Barbara Bund

Business people face increasing pressure from local and global competitors. They face customers who have more and more information about alternatives and more and more access to suppliers from all over the world. Given these pressures, business people are looking for approaches that make sense and will continue to make sense. I think many are fed up with management fads that may or may not provide any benefit and don’t continue to work over time.

Often people say they can’t base their strategies on customers because customers make unreasonable requests and because customers vary too much. Such opinions reveal serious misconceptions. The truly outside-in company definitely does not try to serve all the needs of its customers. Instead, its managers are clear about what their organization can and should do for customers, and whatever they do they do well. They focus.

The outside-in discipline requires that you have an explicit customer-based reason for everything you do in the marketplace. Managers need to create what I call “customer pictures,” verbal descriptions of customers that highlight the key customer characteristics and make those customers come alive. Although managers never know as much about customers as they want and need to know, the outside-in discipline requires that they construct customer pictures anyway, basing the pictures on whatever hard data they have plus hypotheses and intuition.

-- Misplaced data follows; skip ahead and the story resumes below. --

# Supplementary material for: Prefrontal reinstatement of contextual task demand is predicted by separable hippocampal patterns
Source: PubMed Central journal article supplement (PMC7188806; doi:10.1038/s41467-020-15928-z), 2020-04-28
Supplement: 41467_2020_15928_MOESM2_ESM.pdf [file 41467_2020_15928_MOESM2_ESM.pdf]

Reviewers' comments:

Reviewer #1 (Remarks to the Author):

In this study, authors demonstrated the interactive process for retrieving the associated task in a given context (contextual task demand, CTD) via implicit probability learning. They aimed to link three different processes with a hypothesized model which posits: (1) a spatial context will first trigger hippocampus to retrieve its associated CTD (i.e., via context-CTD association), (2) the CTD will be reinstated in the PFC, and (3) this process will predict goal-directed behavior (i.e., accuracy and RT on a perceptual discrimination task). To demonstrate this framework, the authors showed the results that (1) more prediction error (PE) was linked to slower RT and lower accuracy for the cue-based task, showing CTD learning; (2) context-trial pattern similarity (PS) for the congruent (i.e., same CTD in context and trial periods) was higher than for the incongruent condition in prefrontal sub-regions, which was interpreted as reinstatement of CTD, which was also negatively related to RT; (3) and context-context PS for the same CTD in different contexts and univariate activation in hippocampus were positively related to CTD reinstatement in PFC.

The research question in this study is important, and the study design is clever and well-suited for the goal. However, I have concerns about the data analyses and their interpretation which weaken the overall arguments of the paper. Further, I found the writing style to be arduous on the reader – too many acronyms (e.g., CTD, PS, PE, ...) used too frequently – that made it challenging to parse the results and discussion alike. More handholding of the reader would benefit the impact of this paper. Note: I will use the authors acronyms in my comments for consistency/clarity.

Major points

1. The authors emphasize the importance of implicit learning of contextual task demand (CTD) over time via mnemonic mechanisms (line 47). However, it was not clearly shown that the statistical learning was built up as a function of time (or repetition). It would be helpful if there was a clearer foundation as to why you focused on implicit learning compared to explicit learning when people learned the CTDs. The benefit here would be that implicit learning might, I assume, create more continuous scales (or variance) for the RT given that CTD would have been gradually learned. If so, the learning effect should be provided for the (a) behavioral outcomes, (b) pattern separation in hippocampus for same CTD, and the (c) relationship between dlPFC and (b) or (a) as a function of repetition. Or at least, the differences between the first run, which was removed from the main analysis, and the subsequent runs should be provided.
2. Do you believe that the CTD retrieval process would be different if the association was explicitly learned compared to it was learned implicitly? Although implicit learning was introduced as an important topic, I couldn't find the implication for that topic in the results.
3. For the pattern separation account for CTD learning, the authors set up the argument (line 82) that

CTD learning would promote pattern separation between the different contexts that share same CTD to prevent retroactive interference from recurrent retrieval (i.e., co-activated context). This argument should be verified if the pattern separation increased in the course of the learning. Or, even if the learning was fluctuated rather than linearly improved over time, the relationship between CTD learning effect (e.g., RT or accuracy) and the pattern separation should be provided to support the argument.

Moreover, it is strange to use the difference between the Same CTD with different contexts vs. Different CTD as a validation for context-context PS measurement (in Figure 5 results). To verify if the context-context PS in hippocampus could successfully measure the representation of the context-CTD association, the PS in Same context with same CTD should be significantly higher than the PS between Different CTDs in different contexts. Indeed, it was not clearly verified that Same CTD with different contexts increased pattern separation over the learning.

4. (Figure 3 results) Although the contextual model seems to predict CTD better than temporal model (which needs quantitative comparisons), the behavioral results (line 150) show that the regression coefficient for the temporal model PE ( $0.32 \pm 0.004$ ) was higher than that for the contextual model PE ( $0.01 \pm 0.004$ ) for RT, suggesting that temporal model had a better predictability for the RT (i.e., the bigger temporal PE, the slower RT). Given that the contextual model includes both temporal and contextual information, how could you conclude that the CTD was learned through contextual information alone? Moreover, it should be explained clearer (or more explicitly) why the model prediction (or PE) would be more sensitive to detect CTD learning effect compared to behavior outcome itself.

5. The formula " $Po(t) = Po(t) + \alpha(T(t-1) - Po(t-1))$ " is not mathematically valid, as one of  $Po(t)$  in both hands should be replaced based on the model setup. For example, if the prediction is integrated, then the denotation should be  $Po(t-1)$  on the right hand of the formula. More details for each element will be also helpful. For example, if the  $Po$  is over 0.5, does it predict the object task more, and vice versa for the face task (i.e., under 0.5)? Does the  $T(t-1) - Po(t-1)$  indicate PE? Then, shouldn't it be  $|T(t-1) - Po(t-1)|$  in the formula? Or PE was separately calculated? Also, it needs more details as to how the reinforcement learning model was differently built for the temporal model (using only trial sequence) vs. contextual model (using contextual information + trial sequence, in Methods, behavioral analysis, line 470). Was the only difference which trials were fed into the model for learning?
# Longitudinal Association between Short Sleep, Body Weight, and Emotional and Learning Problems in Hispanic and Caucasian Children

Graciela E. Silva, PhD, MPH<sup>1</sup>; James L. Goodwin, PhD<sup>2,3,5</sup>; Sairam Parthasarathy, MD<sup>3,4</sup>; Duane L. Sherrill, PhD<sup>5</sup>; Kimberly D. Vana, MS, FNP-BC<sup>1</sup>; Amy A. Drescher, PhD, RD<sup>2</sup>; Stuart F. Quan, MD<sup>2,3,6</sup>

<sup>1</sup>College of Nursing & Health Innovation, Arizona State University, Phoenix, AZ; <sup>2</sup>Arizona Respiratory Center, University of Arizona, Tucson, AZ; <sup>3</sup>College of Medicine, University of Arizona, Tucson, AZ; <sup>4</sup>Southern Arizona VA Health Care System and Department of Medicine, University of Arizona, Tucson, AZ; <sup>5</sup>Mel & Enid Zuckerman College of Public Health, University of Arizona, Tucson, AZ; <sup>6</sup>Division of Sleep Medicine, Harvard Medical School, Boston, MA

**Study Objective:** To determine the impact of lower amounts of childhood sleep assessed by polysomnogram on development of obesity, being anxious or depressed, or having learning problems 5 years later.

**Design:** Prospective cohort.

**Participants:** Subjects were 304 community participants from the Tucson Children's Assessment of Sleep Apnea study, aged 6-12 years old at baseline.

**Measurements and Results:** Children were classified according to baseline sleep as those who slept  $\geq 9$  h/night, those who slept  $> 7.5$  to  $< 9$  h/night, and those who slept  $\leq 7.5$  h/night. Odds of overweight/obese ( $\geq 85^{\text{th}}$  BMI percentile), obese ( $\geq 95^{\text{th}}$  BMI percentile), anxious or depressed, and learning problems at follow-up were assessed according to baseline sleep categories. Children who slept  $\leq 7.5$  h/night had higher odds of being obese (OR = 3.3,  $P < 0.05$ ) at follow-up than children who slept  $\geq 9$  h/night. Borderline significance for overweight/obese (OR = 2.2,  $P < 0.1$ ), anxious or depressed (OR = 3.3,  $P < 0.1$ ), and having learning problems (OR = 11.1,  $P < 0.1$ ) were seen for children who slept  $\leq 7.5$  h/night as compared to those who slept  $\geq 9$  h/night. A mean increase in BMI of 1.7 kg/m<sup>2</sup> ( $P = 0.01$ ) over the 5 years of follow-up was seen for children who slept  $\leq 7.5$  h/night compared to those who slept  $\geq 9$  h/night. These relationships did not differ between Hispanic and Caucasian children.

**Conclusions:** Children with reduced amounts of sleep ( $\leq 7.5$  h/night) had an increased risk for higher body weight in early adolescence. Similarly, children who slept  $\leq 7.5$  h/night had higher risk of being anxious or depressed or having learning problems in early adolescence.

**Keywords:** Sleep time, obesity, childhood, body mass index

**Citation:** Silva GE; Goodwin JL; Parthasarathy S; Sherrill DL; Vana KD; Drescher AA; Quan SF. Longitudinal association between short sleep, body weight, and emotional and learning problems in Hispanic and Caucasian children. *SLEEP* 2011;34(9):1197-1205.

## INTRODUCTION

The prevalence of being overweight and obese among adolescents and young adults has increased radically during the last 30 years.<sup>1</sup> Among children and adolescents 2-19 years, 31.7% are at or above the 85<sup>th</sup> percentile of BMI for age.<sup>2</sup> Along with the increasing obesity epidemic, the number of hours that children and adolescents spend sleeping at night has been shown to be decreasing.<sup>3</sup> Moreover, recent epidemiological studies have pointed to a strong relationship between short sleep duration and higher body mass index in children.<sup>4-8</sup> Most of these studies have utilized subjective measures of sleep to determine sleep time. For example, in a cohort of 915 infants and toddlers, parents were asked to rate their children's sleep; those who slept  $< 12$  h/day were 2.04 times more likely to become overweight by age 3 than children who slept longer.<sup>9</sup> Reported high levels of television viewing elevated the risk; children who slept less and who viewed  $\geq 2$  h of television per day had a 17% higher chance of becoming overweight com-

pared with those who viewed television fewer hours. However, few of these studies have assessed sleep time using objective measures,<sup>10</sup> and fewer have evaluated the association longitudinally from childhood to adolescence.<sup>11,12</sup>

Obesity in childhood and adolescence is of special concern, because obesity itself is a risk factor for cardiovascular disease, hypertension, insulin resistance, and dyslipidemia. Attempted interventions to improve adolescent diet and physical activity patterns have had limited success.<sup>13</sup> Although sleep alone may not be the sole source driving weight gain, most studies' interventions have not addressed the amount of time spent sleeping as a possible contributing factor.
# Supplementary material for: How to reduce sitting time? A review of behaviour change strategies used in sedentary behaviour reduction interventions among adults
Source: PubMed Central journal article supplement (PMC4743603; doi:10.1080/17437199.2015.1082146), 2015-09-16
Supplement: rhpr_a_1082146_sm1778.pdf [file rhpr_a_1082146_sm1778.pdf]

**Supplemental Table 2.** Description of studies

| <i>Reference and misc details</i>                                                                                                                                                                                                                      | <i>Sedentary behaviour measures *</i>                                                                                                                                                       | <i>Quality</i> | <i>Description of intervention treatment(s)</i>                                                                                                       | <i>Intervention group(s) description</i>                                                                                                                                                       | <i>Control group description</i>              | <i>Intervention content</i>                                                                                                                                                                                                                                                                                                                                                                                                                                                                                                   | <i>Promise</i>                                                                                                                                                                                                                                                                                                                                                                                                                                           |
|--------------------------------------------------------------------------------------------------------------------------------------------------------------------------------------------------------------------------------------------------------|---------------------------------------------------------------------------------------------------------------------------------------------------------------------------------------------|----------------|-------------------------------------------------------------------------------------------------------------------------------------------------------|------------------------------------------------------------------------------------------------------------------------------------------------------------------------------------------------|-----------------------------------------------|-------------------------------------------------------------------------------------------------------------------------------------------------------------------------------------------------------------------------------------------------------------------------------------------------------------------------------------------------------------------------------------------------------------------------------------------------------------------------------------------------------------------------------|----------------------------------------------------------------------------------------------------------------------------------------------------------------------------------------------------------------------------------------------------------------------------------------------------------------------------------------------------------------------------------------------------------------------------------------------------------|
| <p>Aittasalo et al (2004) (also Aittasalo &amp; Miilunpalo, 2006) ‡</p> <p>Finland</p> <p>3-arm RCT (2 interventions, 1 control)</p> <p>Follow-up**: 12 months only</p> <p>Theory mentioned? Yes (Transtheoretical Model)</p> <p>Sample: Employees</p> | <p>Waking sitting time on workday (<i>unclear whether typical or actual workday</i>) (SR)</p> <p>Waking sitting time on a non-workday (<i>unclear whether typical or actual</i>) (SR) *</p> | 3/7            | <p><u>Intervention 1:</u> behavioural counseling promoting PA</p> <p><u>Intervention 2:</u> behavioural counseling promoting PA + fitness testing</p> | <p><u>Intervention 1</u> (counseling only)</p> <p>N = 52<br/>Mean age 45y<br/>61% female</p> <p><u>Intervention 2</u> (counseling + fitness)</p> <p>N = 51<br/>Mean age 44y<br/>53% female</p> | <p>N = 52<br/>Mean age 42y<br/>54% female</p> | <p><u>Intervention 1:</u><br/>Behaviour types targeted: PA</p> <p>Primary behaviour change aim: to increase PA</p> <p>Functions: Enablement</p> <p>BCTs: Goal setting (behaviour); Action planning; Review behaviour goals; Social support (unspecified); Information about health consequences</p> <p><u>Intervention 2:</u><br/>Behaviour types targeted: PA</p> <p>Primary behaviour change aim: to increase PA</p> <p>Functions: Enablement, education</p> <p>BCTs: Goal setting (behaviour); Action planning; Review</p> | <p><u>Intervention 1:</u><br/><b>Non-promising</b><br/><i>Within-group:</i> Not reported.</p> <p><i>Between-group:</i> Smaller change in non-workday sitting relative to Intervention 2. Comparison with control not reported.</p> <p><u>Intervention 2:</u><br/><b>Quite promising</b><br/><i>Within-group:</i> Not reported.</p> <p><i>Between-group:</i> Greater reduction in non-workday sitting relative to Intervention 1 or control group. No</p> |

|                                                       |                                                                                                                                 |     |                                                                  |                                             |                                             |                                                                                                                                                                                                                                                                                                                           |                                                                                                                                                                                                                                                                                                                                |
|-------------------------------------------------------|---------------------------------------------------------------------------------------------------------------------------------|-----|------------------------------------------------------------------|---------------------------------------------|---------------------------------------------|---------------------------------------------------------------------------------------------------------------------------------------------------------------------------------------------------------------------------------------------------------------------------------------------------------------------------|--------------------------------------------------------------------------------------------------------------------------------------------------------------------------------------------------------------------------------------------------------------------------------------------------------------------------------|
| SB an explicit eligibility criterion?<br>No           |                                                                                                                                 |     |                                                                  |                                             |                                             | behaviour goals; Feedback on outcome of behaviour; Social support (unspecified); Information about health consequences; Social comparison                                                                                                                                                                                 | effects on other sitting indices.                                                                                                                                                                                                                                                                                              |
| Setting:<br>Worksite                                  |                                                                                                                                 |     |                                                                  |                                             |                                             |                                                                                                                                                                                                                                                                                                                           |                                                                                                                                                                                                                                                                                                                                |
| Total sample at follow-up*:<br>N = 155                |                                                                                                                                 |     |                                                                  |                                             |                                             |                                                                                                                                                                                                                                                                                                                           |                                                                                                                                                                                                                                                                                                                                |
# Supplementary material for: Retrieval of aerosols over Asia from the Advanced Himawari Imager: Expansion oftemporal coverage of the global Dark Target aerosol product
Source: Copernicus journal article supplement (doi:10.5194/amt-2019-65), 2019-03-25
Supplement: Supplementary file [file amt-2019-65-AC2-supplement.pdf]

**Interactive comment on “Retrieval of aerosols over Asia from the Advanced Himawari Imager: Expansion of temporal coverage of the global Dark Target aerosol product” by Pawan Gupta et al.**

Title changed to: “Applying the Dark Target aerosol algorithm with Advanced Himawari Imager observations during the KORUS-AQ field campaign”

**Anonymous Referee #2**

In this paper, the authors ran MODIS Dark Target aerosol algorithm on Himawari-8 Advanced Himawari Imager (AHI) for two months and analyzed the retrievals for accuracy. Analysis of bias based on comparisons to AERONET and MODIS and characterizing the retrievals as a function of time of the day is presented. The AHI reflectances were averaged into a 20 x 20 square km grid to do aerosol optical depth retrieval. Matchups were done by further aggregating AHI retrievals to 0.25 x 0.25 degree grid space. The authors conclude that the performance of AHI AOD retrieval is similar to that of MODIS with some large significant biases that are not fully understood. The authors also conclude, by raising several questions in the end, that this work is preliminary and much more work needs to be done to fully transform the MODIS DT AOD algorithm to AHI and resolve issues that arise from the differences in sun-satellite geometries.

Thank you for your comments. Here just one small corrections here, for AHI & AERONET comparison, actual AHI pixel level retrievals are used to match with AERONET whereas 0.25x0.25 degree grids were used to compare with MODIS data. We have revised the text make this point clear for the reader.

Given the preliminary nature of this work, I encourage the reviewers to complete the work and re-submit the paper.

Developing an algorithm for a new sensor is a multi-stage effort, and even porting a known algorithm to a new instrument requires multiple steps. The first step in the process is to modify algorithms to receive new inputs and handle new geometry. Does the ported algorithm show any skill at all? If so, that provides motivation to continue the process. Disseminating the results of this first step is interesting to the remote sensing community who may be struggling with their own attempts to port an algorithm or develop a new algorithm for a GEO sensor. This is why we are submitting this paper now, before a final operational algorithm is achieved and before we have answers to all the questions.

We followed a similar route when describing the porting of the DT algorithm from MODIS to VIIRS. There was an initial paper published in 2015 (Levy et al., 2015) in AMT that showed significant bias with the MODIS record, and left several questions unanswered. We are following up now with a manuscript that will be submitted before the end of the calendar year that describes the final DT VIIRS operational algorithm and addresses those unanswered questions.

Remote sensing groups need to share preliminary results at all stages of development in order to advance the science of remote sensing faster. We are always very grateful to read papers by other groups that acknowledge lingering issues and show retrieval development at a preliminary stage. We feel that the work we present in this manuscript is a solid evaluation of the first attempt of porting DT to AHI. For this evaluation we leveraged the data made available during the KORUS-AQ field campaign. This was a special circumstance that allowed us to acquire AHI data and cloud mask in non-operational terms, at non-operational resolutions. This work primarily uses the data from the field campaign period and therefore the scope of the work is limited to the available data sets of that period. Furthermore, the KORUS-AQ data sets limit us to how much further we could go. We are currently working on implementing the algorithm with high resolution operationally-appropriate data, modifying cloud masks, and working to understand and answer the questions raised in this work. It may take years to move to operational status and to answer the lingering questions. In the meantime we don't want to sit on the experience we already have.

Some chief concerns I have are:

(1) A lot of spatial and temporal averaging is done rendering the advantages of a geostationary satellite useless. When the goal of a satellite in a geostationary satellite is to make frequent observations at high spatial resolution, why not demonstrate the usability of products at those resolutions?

The decision-makers should communicate the customer pictures and the logic of the strategies and actions. That communication allows employees throughout the organization to implement the strategies and actions, tweaking them appropriately in response to variations in the marketplace. It also allows employees to recognize information in the marketplace that contradicts the customer pictures, either because the pictures were not entirely correct or because customers have changed.

Often, very talented technical people find it extraordinarily difficult to take the viewpoint of customers, who are often ignorant about the technology and who may have strong and perhaps incorrect prejudices about it. The technical people may believe, deep down, that they know better what customers “should” need. Customers, of course, have a different perspective. They want products that will solve customer problems and provide other customer benefits, and will do so without undue risk or cost. Not infrequently, customers view advanced technology itself as a risk.